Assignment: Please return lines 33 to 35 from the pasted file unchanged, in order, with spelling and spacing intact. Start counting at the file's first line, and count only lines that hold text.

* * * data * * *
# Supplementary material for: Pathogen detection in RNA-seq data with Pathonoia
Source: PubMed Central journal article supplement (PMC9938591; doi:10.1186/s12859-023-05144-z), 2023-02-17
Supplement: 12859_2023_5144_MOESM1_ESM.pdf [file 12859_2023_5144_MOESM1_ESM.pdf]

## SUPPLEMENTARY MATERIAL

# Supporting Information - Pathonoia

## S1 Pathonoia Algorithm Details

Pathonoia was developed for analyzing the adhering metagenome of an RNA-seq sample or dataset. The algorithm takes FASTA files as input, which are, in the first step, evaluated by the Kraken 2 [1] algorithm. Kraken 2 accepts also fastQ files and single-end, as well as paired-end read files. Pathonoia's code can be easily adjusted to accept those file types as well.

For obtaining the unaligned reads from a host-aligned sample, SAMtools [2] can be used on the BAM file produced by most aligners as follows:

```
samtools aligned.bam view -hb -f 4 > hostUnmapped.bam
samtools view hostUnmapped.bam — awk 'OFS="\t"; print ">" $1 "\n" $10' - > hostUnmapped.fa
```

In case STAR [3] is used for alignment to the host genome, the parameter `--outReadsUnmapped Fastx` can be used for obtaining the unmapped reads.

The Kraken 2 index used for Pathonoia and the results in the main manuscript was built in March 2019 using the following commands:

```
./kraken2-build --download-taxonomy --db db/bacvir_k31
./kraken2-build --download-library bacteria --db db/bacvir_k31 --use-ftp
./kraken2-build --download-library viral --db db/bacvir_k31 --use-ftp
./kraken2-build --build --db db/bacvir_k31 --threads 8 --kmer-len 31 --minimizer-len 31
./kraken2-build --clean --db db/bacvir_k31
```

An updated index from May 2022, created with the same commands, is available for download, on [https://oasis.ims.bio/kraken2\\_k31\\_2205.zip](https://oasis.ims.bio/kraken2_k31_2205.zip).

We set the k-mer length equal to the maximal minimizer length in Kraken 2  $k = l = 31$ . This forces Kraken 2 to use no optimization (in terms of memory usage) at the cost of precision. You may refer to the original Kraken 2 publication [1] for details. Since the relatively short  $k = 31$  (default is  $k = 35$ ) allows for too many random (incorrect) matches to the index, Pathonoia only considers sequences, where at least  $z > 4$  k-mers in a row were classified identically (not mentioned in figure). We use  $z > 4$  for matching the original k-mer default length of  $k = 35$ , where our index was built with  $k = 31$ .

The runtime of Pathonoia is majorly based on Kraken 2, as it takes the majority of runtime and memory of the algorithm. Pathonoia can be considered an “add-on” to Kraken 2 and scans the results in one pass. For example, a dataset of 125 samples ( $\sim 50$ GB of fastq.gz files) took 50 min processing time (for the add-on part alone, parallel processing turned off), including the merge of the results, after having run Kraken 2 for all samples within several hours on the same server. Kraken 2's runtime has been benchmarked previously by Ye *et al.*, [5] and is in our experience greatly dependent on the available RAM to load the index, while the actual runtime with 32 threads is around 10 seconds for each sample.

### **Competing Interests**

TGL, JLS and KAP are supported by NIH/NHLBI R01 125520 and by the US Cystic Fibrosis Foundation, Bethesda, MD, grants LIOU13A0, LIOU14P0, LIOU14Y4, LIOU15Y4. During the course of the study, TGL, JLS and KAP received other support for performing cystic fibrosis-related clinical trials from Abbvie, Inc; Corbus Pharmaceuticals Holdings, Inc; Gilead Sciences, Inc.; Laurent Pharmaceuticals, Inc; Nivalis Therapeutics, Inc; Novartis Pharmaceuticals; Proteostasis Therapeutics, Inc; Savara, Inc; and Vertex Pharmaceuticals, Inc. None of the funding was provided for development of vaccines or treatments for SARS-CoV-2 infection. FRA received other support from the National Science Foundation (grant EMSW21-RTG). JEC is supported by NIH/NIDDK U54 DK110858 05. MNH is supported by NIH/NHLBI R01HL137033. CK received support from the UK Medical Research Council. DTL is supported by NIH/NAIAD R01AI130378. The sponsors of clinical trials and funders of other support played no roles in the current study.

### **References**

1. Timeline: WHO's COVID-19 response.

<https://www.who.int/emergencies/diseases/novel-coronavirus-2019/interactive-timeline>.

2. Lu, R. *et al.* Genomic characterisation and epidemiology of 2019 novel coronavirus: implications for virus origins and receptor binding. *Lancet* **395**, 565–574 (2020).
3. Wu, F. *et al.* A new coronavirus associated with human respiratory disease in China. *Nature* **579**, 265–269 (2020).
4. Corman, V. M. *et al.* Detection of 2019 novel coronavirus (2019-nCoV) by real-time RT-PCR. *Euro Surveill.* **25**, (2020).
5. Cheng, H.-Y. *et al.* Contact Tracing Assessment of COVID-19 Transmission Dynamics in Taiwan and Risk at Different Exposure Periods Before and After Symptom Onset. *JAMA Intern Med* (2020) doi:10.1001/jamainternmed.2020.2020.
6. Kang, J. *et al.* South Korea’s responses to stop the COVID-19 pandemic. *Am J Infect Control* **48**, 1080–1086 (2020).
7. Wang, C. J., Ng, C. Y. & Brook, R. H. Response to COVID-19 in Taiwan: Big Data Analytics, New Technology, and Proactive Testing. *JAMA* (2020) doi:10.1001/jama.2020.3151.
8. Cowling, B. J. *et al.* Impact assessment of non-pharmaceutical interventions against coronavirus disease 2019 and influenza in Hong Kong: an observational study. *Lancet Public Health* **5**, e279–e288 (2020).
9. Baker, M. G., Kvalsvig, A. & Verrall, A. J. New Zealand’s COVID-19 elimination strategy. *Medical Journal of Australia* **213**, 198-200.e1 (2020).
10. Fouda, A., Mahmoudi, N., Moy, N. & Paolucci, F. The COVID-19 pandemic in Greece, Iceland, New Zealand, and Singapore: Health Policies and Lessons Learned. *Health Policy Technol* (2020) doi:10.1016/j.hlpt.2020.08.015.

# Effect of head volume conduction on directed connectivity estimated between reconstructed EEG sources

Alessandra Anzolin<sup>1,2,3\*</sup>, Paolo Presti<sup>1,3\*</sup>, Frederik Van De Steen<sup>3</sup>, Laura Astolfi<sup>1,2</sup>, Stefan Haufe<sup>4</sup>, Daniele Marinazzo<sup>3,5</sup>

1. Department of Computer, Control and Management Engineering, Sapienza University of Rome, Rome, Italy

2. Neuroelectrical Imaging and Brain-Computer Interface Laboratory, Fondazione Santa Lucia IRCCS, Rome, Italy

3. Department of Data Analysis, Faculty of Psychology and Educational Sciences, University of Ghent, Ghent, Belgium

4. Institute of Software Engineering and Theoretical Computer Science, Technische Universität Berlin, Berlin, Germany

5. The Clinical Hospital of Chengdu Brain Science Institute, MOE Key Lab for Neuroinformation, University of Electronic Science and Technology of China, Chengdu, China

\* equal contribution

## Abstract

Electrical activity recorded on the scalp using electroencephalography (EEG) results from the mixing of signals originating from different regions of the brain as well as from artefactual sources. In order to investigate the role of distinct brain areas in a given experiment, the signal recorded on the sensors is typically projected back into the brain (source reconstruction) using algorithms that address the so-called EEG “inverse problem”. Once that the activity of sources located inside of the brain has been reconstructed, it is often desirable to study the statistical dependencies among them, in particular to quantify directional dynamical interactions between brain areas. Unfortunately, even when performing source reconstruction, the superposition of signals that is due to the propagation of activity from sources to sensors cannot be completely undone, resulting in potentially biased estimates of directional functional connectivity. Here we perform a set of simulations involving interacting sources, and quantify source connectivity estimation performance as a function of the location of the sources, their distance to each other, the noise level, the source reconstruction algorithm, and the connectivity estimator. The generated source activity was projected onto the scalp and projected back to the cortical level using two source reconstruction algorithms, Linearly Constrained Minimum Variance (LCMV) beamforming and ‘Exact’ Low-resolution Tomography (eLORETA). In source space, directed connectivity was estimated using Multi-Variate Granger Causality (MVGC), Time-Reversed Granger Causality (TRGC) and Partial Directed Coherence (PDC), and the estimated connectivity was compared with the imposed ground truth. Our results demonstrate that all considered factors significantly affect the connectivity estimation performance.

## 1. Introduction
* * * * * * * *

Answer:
5. Cheng, H.-Y. *et al.* Contact Tracing Assessment of COVID-19 Transmission Dynamics in Taiwan and Risk at Different Exposure Periods Before and After Symptom Onset. *JAMA Intern Med* (2020) doi:10.1001/jamainternmed.2020.2020.
6. Kang, J. *et al.* South Korea’s responses to stop the COVID-19 pandemic. *Am J Infect Control* **48**, 1080–1086 (2020).
7. Wang, C. J., Ng, C. Y. & Brook, R. H. Response to COVID-19 in Taiwan: Big Data Analytics, New Technology, and Proactive Testing. *JAMA* (2020) doi:10.1001/jama.2020.3151.